BTW, a winebar or restaurant would likely charge $16 or so for 6 ounces of the same wine vs. $9 at the retail tasting bar. Is there another way you would suggest they get a fair profit on the bottle served on site? I know others share your opinion on this......that's why I've asked the question. I just really don't see how this new-ish wine tasting environment can make an honest profit on this part of their business if they're somehow caught in between business models and ae affected by this feeling on the part of consumers. Do they just have to suck it up on the bottle service or just not offer it?

      2. re: RicRios

        things in this world cost. there is no getting around it. ultimately everything has a price.

        there isn't a universal rule that should be applied to everything, because everybody's situation is different and everybody's goals are different.

        the fact to the matter is - you probably neither want to nor can't have the staff at BevMo, Costco or Trader Joes open that bottle you just bought for you to enjoy in their store, because they are not licensed to do so.

        if you'd like to take that bottle out to the Bevmo parking lot and enjoy it out there, you run the risk of being fined for public intoxication - unless you are in Las Vegas there just aren't that many places in the country for you to drink in public.

        and if you visit the little wine bar/store and the store owner has gone through the process of applying for the on-site alcohol license, the food and health permit, and buying those bar stools, dishwashers and stemware. he should have the right, if he chooses, to recapture his investment. the poster down below "sebi" chooses not to do so. that's very admirable of him and maybe he has other avenues help pay the rent. maybe his retail prices are higher than normal. who knows. all i know is that everybody deserves the opportunity to get paid.

        1. re: waffleman

          Waffleman: nope, normal retail markup.

          Like I mentioned, if you purchase a bottle from me, why should I care where it is drunk. And if I have the license to have open container, primarily for wine flights and education, then why not allow it at my wine bar?

          Here is a common situation: a customer who is a regular buys a wine flight, then wants a bottle of one of the wines, decides to buy a full bottle and would like to drink it at the bar.

          Should I?
          a) Look to get an additional $5-$10 corkage from that person?
          b) Open the bottle for them, let them enjoy it and they leave with a good feeling

          To me that good will translates into word of mouth advertising. There is a cost for that.

          It just seems a bit short-sided to me to ask for corkage. Most retailers will tell you it is the "repeat" customers that make your business thrive. If you are in it for the long haul, providing the best customer service is the way to go.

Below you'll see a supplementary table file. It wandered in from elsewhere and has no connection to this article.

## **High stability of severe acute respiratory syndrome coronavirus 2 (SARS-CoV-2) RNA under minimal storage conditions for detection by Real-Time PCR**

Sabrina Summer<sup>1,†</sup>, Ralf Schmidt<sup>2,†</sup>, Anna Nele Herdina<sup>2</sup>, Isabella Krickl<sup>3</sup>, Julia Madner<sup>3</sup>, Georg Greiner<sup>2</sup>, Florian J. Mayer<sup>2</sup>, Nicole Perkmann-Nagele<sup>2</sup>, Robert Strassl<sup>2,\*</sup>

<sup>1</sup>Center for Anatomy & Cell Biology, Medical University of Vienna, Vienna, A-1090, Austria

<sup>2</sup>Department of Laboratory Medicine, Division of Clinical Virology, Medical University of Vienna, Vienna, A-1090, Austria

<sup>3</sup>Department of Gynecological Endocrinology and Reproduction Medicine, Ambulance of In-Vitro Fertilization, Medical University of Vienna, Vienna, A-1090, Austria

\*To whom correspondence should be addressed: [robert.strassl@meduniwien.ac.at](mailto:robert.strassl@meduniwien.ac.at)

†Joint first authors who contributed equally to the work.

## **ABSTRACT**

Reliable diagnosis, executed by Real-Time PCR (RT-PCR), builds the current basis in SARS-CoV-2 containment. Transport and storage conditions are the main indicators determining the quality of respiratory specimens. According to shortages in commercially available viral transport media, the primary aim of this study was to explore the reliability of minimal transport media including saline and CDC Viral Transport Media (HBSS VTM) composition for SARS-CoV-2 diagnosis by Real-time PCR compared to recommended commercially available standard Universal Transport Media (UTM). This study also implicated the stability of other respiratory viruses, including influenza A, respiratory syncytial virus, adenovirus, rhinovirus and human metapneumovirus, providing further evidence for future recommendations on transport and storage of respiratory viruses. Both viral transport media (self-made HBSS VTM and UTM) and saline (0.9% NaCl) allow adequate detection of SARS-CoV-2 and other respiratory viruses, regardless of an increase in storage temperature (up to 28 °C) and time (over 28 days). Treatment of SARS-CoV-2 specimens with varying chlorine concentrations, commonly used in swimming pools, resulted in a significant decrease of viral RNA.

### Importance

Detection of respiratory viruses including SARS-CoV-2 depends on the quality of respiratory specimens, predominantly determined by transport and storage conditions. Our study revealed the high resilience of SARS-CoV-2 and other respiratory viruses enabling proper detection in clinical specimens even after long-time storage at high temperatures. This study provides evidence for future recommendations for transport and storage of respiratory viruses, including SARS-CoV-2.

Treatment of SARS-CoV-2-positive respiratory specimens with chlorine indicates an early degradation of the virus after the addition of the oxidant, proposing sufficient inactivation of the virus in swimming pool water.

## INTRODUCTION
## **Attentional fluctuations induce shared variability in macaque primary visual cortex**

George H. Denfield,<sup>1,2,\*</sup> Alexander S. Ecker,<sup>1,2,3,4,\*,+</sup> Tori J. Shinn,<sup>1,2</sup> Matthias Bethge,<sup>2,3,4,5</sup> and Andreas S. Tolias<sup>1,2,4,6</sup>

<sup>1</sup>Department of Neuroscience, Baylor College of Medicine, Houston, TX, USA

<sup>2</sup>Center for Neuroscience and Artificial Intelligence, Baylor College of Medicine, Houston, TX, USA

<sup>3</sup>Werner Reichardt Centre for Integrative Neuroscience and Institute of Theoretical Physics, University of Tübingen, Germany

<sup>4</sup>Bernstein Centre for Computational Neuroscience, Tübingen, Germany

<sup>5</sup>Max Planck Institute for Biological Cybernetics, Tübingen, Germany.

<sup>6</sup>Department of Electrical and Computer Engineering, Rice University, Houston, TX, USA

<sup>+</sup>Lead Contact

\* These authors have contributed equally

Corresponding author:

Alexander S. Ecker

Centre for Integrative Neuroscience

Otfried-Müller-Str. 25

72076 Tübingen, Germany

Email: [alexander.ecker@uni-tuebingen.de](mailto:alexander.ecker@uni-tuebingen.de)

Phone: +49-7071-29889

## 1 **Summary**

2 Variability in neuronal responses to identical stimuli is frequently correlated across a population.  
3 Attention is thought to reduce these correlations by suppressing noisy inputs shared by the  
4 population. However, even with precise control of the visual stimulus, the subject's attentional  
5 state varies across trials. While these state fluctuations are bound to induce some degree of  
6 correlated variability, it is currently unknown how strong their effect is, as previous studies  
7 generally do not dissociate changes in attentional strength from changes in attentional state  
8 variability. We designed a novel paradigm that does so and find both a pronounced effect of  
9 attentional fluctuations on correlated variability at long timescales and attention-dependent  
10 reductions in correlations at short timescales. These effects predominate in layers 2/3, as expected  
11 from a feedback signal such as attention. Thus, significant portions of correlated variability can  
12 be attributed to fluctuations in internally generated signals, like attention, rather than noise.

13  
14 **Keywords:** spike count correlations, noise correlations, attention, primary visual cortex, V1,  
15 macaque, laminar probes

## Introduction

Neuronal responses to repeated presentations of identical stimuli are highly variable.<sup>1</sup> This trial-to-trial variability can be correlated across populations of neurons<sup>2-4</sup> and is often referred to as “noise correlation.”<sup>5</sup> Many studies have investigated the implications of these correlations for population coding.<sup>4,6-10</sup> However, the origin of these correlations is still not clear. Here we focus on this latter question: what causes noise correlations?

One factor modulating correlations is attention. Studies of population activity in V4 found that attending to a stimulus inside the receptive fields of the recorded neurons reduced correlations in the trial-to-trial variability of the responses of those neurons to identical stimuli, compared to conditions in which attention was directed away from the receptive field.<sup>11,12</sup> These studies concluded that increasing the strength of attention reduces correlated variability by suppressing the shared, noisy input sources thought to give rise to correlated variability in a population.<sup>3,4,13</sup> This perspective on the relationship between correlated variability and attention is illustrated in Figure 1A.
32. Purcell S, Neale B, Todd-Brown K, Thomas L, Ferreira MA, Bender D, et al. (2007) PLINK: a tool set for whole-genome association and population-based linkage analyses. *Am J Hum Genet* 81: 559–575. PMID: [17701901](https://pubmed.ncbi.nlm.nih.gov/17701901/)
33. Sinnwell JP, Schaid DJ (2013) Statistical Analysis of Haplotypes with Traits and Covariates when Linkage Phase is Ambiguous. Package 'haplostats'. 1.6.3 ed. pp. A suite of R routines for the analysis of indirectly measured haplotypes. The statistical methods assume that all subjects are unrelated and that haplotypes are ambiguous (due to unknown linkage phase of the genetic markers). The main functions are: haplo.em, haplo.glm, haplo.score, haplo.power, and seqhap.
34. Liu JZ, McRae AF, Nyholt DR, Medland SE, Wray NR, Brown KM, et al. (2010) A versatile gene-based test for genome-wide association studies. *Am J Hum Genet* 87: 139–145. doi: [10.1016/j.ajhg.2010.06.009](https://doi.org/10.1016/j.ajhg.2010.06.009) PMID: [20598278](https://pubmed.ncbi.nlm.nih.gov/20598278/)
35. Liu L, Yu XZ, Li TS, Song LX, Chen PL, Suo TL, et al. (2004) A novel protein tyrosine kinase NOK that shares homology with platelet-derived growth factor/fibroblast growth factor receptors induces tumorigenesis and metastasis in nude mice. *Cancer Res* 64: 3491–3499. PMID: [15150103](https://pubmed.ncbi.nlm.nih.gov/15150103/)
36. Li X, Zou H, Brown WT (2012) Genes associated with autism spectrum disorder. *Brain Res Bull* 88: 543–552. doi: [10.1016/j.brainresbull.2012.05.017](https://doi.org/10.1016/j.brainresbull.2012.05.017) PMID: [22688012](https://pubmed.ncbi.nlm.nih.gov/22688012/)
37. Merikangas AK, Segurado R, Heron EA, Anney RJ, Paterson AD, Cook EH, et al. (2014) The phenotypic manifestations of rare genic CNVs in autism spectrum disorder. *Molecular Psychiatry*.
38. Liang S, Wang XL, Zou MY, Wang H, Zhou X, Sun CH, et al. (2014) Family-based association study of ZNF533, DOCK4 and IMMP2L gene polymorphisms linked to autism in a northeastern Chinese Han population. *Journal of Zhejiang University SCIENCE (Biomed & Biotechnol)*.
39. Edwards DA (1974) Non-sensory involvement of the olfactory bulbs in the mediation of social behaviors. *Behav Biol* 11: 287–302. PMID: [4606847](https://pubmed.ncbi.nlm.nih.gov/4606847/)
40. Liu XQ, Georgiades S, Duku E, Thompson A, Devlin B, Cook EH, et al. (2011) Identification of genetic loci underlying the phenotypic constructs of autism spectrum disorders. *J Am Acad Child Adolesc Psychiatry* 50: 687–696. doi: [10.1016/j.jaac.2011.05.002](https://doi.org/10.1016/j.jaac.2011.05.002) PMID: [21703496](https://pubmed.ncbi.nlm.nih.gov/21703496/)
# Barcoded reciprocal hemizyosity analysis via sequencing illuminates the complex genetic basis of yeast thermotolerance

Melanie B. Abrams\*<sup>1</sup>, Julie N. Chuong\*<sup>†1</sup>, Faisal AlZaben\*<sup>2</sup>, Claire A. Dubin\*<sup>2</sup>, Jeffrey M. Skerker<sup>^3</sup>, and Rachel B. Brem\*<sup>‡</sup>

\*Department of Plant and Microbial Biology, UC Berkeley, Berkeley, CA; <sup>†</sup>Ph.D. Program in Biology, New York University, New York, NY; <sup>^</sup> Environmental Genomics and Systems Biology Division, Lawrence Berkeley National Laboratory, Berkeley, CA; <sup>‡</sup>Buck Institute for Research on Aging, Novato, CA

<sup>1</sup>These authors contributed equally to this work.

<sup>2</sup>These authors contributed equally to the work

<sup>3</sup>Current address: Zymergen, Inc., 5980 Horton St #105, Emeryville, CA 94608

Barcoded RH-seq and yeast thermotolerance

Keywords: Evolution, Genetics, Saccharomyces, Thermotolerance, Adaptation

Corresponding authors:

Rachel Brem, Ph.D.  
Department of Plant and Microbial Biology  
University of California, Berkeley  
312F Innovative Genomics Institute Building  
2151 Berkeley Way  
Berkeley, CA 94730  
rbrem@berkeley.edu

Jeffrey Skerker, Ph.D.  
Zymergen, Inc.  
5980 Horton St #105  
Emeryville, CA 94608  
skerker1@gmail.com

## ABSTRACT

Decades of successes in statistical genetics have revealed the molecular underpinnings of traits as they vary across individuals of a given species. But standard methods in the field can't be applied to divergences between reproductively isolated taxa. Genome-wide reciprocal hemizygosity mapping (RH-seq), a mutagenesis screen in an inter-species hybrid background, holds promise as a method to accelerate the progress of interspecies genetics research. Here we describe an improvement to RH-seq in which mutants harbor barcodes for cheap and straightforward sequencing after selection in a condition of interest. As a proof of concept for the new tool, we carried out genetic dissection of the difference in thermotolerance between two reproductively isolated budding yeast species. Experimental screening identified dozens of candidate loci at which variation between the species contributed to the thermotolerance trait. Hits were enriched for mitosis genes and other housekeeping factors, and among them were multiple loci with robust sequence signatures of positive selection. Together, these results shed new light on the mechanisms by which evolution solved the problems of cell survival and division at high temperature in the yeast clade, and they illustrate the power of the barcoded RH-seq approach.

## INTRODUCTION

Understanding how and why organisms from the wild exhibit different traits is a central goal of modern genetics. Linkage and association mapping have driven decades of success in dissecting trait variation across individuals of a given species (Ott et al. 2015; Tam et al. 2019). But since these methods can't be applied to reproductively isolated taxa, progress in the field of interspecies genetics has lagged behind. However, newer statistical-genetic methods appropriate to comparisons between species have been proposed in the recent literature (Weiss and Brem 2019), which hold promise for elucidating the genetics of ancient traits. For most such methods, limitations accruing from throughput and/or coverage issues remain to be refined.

1. re: sebi

            sebi: i'm not hating on you. i said it's admirable that you do it that way. that's great for you and great for your customers.

            my contention that it is perfectly reasonable for some shop owners to charge a corkage. just as i think it's reasonable for restaurants to charge corkage.

            i wish every wine bar didn't charge corkage and wish every restaurant didn't, but it's a pretty standard and common practice and shouldn't be viewed as unreasonable.

            and further, most bars that i go to waive it for regulars.

            in fact, the place that i go to most, i talk to the owner quite a bit. he says he only really charges it half of the time. the biggest determinant on whether he charges the corkage is the customers attitude.

            1. re: waffleman

              I hear you. And I agree that it is reasonable from a business perspective. But I also know that some people do look down upon it. And I always want to keep in mind what it was like to be a customer...

      3. Yep, sometimes you do not make the same profit on everything you sell. The Wine bars that charge a corkage on their own product and pissoff good customers are simply stupid. They are making money on the wine they sell, the folks that are smart enough to buy a bottle are probably serious knowledgable winos, just the kind of repeat customers these places need to stay in business. Don't piss off the money train, you are much better off having happy repeat customers so you can keep making money off them with every visit.

        2 Replies
        1. re: duck833

          Once again..... could someone help me with why a corkage is different from the shop taking a markup on individual pours from bottles of the same wine?